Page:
Flexibility Act requires agencies to publish a final regulatory flexi-
bility analysis, which summarizes the public comment on the ini-
tial analysis, the agency response, and changes made to the rule as
a result. If the agency did not adopt these less costly alternatives,
an explanation must be published.
Now, that sounds great. But, the Regulatory Flexibility Act
allows agencies to certify that their rules do not have significant
effects on small business and, therefore, avoid conducting regula-
tory flexibility analyses. The prohibition of judicial review allows
no legal challenge to such a determination. The result is that com-
pliance is voluntary, and the Federal regulators do not face court
action for failure to comply.
In fact, section 611 of the Regulatory Flexibility Act states in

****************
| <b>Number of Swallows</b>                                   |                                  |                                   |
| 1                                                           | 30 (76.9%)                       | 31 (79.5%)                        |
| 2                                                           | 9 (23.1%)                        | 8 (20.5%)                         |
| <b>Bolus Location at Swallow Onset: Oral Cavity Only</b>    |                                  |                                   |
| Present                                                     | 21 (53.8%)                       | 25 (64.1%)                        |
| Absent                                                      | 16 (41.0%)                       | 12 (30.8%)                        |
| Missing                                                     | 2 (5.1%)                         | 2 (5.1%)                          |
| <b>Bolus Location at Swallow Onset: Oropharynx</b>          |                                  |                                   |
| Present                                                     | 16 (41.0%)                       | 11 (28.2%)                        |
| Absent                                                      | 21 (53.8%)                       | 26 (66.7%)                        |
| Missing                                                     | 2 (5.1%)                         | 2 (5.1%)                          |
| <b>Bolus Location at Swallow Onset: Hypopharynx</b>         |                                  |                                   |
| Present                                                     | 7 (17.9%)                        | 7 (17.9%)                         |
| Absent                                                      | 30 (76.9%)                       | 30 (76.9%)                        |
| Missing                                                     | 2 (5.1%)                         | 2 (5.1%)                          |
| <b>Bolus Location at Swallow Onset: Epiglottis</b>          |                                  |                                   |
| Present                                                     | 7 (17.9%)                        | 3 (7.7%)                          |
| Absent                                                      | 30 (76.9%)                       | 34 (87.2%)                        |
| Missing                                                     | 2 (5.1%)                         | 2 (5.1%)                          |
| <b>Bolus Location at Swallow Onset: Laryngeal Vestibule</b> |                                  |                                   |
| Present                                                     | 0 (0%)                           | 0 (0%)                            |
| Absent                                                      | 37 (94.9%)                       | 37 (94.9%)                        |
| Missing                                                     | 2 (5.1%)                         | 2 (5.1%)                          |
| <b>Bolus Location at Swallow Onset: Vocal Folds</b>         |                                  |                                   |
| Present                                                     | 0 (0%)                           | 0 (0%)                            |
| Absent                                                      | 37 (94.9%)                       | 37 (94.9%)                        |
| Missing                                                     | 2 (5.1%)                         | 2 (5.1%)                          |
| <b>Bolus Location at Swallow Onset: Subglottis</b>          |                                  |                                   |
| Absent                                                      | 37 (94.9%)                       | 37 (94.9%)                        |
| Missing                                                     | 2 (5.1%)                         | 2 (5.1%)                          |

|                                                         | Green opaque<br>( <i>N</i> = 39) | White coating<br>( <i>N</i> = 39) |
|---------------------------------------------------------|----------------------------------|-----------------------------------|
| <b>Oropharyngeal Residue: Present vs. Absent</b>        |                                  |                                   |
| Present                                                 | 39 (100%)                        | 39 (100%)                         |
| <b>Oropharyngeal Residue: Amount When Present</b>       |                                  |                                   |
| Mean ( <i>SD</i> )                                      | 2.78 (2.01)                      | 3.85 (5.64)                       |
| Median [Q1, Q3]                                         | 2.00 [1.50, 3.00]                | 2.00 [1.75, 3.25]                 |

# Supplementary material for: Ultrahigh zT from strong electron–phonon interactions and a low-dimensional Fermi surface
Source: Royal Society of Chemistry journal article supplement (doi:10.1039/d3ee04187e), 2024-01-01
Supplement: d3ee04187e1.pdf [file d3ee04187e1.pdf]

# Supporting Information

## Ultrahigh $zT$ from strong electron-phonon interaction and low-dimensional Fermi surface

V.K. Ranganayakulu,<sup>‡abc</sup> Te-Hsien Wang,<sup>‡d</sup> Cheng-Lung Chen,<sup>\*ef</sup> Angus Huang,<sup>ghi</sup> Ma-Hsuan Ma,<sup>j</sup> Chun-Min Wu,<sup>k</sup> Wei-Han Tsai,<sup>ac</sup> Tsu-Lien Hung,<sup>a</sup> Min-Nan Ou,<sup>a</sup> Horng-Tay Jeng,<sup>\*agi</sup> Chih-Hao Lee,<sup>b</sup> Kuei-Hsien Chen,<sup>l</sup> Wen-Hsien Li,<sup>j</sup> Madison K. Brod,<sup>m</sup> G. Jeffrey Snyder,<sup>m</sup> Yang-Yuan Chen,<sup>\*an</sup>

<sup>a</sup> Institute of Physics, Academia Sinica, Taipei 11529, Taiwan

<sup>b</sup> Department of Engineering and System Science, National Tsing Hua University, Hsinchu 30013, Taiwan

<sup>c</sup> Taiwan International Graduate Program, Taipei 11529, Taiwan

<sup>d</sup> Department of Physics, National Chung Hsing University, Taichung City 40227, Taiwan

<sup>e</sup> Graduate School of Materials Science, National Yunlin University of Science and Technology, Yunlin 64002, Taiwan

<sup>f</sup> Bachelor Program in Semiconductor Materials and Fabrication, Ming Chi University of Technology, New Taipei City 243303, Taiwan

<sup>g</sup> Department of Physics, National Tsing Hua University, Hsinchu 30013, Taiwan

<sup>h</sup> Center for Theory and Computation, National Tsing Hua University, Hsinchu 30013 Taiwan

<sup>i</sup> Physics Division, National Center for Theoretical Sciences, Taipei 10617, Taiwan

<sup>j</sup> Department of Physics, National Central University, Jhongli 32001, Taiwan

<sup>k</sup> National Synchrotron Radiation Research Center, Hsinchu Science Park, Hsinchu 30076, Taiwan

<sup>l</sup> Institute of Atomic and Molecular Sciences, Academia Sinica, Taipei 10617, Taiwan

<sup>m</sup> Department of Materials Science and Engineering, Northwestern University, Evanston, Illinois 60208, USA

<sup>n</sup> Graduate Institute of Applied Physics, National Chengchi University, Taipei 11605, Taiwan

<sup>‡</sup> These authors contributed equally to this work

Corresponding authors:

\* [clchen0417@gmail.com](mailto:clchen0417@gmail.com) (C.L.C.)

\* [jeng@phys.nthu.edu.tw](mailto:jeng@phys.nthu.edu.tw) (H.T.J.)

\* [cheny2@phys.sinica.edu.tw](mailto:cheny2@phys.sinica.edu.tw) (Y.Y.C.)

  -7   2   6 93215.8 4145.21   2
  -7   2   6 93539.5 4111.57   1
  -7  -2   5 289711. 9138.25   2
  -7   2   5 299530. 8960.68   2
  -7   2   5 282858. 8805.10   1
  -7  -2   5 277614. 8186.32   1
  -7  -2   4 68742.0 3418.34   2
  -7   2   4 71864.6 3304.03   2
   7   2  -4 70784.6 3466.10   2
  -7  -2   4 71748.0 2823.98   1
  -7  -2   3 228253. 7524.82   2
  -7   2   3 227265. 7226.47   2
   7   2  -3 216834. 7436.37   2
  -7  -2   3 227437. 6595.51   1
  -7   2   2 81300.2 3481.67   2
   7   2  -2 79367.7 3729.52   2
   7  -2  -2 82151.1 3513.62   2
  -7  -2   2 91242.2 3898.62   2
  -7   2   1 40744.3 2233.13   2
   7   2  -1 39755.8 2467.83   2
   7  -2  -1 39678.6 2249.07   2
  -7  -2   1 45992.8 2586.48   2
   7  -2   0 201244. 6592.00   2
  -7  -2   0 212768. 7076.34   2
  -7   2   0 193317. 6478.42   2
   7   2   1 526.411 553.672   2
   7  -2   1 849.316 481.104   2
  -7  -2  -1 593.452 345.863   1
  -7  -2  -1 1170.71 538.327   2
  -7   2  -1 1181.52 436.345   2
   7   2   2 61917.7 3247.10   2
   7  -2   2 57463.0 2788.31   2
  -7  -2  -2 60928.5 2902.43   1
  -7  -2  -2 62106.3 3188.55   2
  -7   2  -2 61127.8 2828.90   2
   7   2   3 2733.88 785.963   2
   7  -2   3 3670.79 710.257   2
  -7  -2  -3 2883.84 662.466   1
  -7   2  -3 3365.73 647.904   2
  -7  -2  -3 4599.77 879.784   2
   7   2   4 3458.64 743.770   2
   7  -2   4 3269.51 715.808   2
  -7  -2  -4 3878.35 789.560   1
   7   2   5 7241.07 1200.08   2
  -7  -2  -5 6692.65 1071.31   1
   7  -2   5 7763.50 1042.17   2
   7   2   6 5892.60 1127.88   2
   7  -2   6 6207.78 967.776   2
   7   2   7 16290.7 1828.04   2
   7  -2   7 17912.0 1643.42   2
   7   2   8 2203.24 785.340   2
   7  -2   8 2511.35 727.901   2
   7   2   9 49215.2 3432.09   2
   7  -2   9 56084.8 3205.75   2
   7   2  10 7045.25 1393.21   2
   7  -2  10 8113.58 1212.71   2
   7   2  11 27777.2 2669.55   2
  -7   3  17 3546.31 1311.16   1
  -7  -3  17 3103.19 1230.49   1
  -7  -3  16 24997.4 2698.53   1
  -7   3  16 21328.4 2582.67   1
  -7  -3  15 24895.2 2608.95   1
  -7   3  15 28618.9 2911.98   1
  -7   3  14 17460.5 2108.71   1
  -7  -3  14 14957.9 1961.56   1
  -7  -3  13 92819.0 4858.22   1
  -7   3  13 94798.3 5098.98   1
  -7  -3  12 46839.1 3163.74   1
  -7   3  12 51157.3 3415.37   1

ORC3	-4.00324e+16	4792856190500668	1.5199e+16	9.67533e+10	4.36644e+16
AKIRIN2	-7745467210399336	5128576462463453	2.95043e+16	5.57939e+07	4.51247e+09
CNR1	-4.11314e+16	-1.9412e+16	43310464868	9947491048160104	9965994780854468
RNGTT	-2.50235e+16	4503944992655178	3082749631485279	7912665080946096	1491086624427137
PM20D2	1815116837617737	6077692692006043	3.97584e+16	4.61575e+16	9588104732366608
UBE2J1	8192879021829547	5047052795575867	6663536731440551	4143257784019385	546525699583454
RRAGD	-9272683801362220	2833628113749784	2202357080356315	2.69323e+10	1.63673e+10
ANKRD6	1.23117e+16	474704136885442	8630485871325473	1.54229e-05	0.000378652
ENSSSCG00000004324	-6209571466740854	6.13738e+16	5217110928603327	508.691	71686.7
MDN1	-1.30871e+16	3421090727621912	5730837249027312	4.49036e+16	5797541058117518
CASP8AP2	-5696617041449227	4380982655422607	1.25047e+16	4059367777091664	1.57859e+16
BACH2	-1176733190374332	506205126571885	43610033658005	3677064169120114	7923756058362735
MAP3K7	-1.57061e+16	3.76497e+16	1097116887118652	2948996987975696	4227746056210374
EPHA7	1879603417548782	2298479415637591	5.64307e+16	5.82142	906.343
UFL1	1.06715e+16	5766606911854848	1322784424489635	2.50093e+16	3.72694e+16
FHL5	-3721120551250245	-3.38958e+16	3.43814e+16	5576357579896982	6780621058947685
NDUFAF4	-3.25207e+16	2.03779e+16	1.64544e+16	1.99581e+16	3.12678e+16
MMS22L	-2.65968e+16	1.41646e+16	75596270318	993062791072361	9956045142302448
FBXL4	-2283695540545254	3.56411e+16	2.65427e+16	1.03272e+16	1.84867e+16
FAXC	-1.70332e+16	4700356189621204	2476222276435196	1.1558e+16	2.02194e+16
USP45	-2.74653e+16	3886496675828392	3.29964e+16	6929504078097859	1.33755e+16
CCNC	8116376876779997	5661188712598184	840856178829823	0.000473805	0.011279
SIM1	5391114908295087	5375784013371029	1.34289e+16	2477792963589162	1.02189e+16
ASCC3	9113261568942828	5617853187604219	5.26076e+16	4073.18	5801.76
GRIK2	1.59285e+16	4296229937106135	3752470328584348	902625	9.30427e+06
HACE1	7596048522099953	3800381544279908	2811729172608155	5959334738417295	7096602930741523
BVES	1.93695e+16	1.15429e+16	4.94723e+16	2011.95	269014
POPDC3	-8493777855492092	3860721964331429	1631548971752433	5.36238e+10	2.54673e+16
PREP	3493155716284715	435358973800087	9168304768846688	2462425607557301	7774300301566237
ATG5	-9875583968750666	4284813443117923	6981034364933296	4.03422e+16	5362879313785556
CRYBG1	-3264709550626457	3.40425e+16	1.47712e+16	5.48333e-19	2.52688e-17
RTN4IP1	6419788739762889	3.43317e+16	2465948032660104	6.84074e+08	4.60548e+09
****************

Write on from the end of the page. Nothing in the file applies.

part: "Any determination by an agency concerning the applicabil-
ity of any of the provisions of this chapter to any action of the
agency shall not be subject to judicial review."
Now, some agencies have taken steps to comply with the RFA
and have incorporated the regulatory flexibility procedures into
their regular rulemaking processes. However, 12 years of experi-
ence with the Regulatory Flexibility Act has shown that many
agencies have not fully complied. There is a clear need to improve
the act so that all regulatory agencies will comply.
I owe a special thanks to Chairman LaFalce, Congresswoman
Meyers, and to Congressman Skelton for their strong support of
H.R. 830. That is the bill, as you have indicated, that I have intro-
duced. It has, to date, over 140 bipartisan cosponsors. In addition,
this legislation has been endorsed by nearly 50 business and trade
organizations, some of whose testimony will be submitted to this
committee as part of this hearing.
I believe that the single most important step that must be taken